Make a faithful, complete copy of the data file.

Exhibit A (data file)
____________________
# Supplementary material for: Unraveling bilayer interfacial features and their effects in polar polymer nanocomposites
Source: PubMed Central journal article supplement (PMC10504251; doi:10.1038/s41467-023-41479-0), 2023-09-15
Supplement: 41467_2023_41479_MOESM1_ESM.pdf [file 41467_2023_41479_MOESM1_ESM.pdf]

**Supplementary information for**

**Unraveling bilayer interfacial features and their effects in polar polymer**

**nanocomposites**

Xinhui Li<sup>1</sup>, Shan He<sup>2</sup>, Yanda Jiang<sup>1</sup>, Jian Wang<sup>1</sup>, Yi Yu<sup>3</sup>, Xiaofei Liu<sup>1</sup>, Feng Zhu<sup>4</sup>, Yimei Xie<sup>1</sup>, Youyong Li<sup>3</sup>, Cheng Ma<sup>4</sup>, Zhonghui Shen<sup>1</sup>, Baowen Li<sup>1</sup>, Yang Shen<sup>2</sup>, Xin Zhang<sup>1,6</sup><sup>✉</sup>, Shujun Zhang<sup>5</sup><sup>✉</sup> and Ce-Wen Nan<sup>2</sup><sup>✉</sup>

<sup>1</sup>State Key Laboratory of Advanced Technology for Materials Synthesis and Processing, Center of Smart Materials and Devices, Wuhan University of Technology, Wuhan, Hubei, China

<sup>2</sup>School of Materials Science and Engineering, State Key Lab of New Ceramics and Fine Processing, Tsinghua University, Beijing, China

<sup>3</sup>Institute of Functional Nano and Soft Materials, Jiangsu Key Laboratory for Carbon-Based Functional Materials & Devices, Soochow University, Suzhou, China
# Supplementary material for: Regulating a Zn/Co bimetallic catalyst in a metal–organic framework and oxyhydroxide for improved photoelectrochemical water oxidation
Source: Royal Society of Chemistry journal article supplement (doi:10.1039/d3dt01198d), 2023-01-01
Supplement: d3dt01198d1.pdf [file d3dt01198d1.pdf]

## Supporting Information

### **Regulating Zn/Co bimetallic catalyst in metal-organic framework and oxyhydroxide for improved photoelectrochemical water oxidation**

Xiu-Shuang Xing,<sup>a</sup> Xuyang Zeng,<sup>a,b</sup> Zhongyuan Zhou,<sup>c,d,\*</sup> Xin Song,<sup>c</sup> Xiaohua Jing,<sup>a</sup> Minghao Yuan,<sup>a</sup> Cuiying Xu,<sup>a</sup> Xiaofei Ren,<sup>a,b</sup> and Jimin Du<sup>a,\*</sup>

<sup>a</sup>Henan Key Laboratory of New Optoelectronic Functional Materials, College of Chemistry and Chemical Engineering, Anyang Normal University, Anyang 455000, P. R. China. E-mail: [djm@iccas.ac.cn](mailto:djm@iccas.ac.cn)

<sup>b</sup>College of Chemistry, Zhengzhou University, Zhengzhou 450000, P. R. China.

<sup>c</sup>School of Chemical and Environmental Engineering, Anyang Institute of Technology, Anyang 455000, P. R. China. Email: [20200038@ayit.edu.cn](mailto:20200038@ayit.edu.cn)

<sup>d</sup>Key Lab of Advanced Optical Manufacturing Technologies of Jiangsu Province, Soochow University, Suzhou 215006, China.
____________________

# Supplementary material for: Unraveling bilayer interfacial features and their effects in polar polymer nanocomposites
Source: PubMed Central journal article supplement (PMC10504251; doi:10.1038/s41467-023-41479-0), 2023-09-15
Supplement: 41467_2023_41479_MOESM1_ESM.pdf [file 41467_2023_41479_MOESM1_ESM.pdf]

**Supplementary information for**

**Unraveling bilayer interfacial features and their effects in polar polymer**

**nanocomposites**

Xinhui Li<sup>1</sup>, Shan He<sup>2</sup>, Yanda Jiang<sup>1</sup>, Jian Wang<sup>1</sup>, Yi Yu<sup>3</sup>, Xiaofei Liu<sup>1</sup>, Feng Zhu<sup>4</sup>, Yimei Xie<sup>1</sup>, Youyong Li<sup>3</sup>, Cheng Ma<sup>4</sup>, Zhonghui Shen<sup>1</sup>, Baowen Li<sup>1</sup>, Yang Shen<sup>2</sup>, Xin Zhang<sup>1,6</sup><sup>✉</sup>, Shujun Zhang<sup>5</sup><sup>✉</sup> and Ce-Wen Nan<sup>2</sup><sup>✉</sup>

<sup>1</sup>State Key Laboratory of Advanced Technology for Materials Synthesis and Processing, Center of Smart Materials and Devices, Wuhan University of Technology, Wuhan, Hubei, China

<sup>2</sup>School of Materials Science and Engineering, State Key Lab of New Ceramics and Fine Processing, Tsinghua University, Beijing, China

<sup>3</sup>Institute of Functional Nano and Soft Materials, Jiangsu Key Laboratory for Carbon-Based Functional Materials & Devices, Soochow University, Suzhou, China
# Supplementary material for: Regulating a Zn/Co bimetallic catalyst in a metal–organic framework and oxyhydroxide for improved photoelectrochemical water oxidation
Source: Royal Society of Chemistry journal article supplement (doi:10.1039/d3dt01198d), 2023-01-01
Supplement: d3dt01198d1.pdf [file d3dt01198d1.pdf]

## Supporting Information

### **Regulating Zn/Co bimetallic catalyst in metal-organic framework and oxyhydroxide for improved photoelectrochemical water oxidation**

Xiu-Shuang Xing,<sup>a</sup> Xuyang Zeng,<sup>a,b</sup> Zhongyuan Zhou,<sup>c,d,\*</sup> Xin Song,<sup>c</sup> Xiaohua Jing,<sup>a</sup> Minghao Yuan,<sup>a</sup> Cuiying Xu,<sup>a</sup> Xiaofei Ren,<sup>a,b</sup> and Jimin Du<sup>a,\*</sup>

<sup>a</sup>Henan Key Laboratory of New Optoelectronic Functional Materials, College of Chemistry and Chemical Engineering, Anyang Normal University, Anyang 455000, P. R. China. E-mail: [djm@iccas.ac.cn](mailto:djm@iccas.ac.cn)

<sup>b</sup>College of Chemistry, Zhengzhou University, Zhengzhou 450000, P. R. China.

<sup>c</sup>School of Chemical and Environmental Engineering, Anyang Institute of Technology, Anyang 455000, P. R. China. Email: [20200038@ayit.edu.cn](mailto:20200038@ayit.edu.cn)

<sup>d</sup>Key Lab of Advanced Optical Manufacturing Technologies of Jiangsu Province, Soochow University, Suzhou 215006, China.